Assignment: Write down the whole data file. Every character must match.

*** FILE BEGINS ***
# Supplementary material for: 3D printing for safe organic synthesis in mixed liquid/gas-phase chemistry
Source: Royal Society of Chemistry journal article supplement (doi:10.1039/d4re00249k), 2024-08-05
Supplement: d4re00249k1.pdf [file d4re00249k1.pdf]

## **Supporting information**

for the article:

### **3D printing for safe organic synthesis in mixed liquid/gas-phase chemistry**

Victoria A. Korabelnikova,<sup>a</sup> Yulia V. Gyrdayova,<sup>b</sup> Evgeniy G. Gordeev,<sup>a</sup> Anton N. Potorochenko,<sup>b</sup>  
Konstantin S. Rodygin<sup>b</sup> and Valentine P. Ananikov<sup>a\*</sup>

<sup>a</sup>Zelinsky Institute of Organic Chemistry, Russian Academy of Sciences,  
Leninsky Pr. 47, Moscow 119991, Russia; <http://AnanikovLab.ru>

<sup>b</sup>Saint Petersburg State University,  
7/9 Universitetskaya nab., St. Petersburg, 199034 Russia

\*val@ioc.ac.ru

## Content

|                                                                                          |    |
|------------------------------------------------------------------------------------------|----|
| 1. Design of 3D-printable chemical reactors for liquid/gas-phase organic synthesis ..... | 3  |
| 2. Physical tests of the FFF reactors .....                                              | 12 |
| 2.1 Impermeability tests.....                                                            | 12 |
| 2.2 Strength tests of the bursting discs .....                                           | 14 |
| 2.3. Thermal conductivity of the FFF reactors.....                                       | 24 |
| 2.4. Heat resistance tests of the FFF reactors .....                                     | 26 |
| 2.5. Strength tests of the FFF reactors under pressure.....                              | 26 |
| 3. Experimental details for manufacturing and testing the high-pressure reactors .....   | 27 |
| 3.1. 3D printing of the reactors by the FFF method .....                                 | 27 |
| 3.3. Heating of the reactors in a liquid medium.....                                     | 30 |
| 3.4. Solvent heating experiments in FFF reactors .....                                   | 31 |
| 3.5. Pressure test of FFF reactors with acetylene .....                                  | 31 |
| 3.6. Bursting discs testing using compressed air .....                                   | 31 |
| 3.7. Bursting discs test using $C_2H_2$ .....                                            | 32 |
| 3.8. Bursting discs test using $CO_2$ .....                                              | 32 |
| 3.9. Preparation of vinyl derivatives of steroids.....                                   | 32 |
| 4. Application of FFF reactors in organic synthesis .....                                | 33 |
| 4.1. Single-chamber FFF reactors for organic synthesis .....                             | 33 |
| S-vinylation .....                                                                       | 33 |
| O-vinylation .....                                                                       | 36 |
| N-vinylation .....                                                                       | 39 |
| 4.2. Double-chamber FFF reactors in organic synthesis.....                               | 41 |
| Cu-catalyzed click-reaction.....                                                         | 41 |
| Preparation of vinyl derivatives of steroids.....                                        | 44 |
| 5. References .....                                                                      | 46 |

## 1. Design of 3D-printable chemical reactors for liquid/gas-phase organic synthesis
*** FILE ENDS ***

# Supplementary material for: 3D printing for safe organic synthesis in mixed liquid/gas-phase chemistry
Source: Royal Society of Chemistry journal article supplement (doi:10.1039/d4re00249k), 2024-08-05
Supplement: d4re00249k1.pdf [file d4re00249k1.pdf]

## **Supporting information**

for the article:

### **3D printing for safe organic synthesis in mixed liquid/gas-phase chemistry**

Victoria A. Korabelnikova,<sup>a</sup> Yulia V. Gyrdayova,<sup>b</sup> Evgeniy G. Gordeev,<sup>a</sup> Anton N. Potorochenko,<sup>b</sup>  
Konstantin S. Rodygin<sup>b</sup> and Valentine P. Ananikov<sup>a\*</sup>

<sup>a</sup>Zelinsky Institute of Organic Chemistry, Russian Academy of Sciences,  
Leninsky Pr. 47, Moscow 119991, Russia; <http://AnanikovLab.ru>

<sup>b</sup>Saint Petersburg State University,  
7/9 Universitetskaya nab., St. Petersburg, 199034 Russia

\*val@ioc.ac.ru

## Content

|                                                                                          |    |
|------------------------------------------------------------------------------------------|----|
| 1. Design of 3D-printable chemical reactors for liquid/gas-phase organic synthesis ..... | 3  |
| 2. Physical tests of the FFF reactors .....                                              | 12 |
| 2.1 Impermeability tests.....                                                            | 12 |
| 2.2 Strength tests of the bursting discs .....                                           | 14 |
| 2.3. Thermal conductivity of the FFF reactors.....                                       | 24 |
| 2.4. Heat resistance tests of the FFF reactors .....                                     | 26 |
| 2.5. Strength tests of the FFF reactors under pressure.....                              | 26 |
| 3. Experimental details for manufacturing and testing the high-pressure reactors .....   | 27 |
| 3.1. 3D printing of the reactors by the FFF method .....                                 | 27 |
| 3.3. Heating of the reactors in a liquid medium.....                                     | 30 |
| 3.4. Solvent heating experiments in FFF reactors .....                                   | 31 |
| 3.5. Pressure test of FFF reactors with acetylene .....                                  | 31 |
| 3.6. Bursting discs testing using compressed air .....                                   | 31 |
| 3.7. Bursting discs test using $C_2H_2$ .....                                            | 32 |
| 3.8. Bursting discs test using $CO_2$ .....                                              | 32 |
| 3.9. Preparation of vinyl derivatives of steroids.....                                   | 32 |
| 4. Application of FFF reactors in organic synthesis .....                                | 33 |
| 4.1. Single-chamber FFF reactors for organic synthesis .....                             | 33 |
| S-vinylation .....                                                                       | 33 |
| O-vinylation .....                                                                       | 36 |
| N-vinylation .....                                                                       | 39 |
| 4.2. Double-chamber FFF reactors in organic synthesis.....                               | 41 |
| Cu-catalyzed click-reaction.....                                                         | 41 |
| Preparation of vinyl derivatives of steroids.....                                        | 44 |
| 5. References .....                                                                      | 46 |

## 1. Design of 3D-printable chemical reactors for liquid/gas-phase organic synthesis